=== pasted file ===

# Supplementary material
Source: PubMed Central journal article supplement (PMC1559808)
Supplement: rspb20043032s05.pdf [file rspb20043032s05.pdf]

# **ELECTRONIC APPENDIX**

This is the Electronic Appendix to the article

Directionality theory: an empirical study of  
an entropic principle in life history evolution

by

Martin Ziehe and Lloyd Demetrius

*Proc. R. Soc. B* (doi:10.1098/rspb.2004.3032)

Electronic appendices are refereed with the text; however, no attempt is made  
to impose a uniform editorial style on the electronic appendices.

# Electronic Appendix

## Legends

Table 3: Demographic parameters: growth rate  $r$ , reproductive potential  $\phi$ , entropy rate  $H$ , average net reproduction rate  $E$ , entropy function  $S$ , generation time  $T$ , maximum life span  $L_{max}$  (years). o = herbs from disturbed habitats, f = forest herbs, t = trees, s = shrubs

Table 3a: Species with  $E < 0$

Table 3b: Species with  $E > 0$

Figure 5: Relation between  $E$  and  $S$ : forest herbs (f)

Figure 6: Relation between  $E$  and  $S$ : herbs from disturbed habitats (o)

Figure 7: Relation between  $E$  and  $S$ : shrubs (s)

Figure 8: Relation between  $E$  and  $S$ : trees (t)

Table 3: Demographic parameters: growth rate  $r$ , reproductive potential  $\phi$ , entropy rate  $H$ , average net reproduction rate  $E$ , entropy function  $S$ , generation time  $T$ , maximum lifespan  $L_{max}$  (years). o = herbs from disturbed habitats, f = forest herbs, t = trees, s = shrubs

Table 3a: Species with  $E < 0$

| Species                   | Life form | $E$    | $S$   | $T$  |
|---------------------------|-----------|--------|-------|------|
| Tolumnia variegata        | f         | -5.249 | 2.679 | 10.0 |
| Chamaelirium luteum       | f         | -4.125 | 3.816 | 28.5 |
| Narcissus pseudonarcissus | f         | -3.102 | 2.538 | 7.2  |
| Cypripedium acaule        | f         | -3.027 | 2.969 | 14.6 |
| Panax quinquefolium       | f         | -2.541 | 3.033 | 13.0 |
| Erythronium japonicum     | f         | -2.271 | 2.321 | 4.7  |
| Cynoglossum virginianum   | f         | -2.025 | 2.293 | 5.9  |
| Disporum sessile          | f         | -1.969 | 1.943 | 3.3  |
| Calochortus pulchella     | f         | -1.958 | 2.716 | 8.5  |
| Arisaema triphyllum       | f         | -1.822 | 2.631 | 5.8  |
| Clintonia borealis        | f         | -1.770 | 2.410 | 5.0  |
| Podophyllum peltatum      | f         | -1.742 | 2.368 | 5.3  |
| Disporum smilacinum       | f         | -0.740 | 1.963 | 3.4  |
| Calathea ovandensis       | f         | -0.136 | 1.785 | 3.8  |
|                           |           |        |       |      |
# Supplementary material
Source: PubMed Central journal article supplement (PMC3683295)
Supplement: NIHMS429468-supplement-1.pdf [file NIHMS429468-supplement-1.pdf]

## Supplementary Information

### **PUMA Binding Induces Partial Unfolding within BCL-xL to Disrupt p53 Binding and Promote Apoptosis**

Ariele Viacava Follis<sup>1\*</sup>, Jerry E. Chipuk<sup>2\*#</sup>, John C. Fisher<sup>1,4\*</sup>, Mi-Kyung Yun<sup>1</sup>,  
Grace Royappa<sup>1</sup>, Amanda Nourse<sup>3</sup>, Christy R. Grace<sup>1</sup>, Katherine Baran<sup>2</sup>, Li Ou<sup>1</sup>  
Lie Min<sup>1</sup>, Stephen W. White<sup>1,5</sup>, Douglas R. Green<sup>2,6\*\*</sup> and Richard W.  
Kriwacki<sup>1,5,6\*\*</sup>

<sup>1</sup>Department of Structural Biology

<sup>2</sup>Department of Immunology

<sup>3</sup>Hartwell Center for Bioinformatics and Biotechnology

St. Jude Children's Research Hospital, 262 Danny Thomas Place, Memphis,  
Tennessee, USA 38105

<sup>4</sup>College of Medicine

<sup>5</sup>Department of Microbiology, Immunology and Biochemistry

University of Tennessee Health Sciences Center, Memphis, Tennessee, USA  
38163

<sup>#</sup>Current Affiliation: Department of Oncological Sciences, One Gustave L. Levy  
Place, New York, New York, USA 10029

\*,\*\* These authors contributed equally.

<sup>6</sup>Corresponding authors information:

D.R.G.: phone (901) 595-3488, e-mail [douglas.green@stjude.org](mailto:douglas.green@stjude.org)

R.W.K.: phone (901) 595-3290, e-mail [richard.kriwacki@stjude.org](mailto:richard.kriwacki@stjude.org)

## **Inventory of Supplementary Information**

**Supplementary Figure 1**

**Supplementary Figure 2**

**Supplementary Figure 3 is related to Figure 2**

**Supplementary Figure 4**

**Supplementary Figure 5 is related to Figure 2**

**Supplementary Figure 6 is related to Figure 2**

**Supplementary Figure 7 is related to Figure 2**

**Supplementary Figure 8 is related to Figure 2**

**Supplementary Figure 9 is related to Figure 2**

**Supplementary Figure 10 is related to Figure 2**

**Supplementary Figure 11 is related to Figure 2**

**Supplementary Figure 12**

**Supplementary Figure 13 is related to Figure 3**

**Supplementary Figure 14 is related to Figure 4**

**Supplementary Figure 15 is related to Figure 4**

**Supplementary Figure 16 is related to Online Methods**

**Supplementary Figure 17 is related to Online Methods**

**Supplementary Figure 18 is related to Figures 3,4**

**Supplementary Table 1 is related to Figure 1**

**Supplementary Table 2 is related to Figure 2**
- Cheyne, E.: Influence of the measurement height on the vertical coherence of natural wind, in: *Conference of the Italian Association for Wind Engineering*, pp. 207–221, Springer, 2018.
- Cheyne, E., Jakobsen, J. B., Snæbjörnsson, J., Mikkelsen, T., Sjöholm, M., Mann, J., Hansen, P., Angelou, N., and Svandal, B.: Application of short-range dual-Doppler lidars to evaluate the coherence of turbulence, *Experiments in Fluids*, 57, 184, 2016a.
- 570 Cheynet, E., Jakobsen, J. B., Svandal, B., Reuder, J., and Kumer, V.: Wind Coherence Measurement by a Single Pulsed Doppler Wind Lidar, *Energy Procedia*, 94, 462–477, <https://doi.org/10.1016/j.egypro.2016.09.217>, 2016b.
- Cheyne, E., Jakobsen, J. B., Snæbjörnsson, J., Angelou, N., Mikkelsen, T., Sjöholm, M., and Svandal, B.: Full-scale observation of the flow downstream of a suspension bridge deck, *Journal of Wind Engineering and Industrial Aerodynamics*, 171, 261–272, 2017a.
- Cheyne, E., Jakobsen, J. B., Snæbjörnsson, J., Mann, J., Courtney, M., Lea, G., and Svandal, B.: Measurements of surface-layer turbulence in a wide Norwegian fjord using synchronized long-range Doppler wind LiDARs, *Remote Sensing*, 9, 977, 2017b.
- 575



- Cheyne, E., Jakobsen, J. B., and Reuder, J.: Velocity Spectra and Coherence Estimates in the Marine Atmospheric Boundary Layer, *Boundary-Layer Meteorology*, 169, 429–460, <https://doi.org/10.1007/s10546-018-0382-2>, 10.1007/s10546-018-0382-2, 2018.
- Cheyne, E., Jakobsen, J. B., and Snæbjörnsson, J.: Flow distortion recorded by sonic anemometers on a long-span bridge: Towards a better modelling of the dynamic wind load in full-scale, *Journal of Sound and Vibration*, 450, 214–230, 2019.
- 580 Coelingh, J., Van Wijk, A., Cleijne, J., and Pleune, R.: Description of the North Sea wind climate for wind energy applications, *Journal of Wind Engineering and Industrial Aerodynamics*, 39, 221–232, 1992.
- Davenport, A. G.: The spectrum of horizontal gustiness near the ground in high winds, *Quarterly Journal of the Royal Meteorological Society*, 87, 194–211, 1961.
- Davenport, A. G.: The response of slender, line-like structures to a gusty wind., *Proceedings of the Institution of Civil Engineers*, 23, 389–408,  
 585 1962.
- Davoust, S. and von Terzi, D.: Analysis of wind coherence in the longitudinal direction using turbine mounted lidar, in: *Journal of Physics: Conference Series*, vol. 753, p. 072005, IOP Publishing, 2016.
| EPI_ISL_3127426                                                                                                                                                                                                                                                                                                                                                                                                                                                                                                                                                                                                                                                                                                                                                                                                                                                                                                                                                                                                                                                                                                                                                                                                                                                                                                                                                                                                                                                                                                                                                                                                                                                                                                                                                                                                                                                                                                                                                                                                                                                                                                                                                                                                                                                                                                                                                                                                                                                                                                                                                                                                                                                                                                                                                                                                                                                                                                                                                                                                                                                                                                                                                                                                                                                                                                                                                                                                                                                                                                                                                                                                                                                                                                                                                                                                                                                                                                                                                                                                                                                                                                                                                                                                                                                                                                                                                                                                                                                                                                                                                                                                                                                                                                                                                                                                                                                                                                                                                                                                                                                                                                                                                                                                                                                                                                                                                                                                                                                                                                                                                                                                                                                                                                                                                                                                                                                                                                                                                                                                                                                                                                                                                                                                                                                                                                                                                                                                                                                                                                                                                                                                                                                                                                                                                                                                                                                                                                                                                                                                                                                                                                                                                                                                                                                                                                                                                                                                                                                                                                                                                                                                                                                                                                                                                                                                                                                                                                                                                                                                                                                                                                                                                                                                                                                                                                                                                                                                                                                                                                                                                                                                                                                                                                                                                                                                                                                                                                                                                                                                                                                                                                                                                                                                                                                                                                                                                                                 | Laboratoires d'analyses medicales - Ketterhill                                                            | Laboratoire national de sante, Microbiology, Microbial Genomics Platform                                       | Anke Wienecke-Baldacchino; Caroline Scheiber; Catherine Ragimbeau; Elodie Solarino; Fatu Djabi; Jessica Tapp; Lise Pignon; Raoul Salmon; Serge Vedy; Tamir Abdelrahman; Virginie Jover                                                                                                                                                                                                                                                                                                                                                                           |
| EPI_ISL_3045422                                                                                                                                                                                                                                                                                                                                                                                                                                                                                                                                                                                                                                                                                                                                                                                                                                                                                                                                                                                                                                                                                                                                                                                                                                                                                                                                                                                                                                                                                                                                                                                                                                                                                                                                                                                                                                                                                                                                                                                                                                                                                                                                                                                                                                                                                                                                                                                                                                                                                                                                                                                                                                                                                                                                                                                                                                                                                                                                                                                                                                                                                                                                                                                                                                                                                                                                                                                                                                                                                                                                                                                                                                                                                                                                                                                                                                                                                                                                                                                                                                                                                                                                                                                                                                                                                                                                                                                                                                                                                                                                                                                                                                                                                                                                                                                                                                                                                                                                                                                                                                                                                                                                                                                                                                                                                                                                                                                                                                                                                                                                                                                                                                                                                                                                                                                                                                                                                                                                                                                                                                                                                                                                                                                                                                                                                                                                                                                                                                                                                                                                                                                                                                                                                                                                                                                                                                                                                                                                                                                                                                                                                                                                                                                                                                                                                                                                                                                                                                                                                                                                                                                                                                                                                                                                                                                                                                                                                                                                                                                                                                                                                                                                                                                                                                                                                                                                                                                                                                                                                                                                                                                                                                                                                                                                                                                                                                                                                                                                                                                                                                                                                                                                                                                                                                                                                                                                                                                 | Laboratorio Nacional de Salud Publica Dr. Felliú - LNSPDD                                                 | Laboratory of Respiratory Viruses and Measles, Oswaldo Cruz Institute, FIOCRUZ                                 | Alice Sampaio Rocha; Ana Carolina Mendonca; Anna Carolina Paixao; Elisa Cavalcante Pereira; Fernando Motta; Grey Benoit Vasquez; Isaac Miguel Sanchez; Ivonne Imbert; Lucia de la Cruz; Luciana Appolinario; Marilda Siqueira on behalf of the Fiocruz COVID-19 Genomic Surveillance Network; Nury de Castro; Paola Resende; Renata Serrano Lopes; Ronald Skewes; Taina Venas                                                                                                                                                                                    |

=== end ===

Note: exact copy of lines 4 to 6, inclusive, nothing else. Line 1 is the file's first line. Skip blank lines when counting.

# **ELECTRONIC APPENDIX**

This is the Electronic Appendix to the article

Directionality theory: an empirical study of  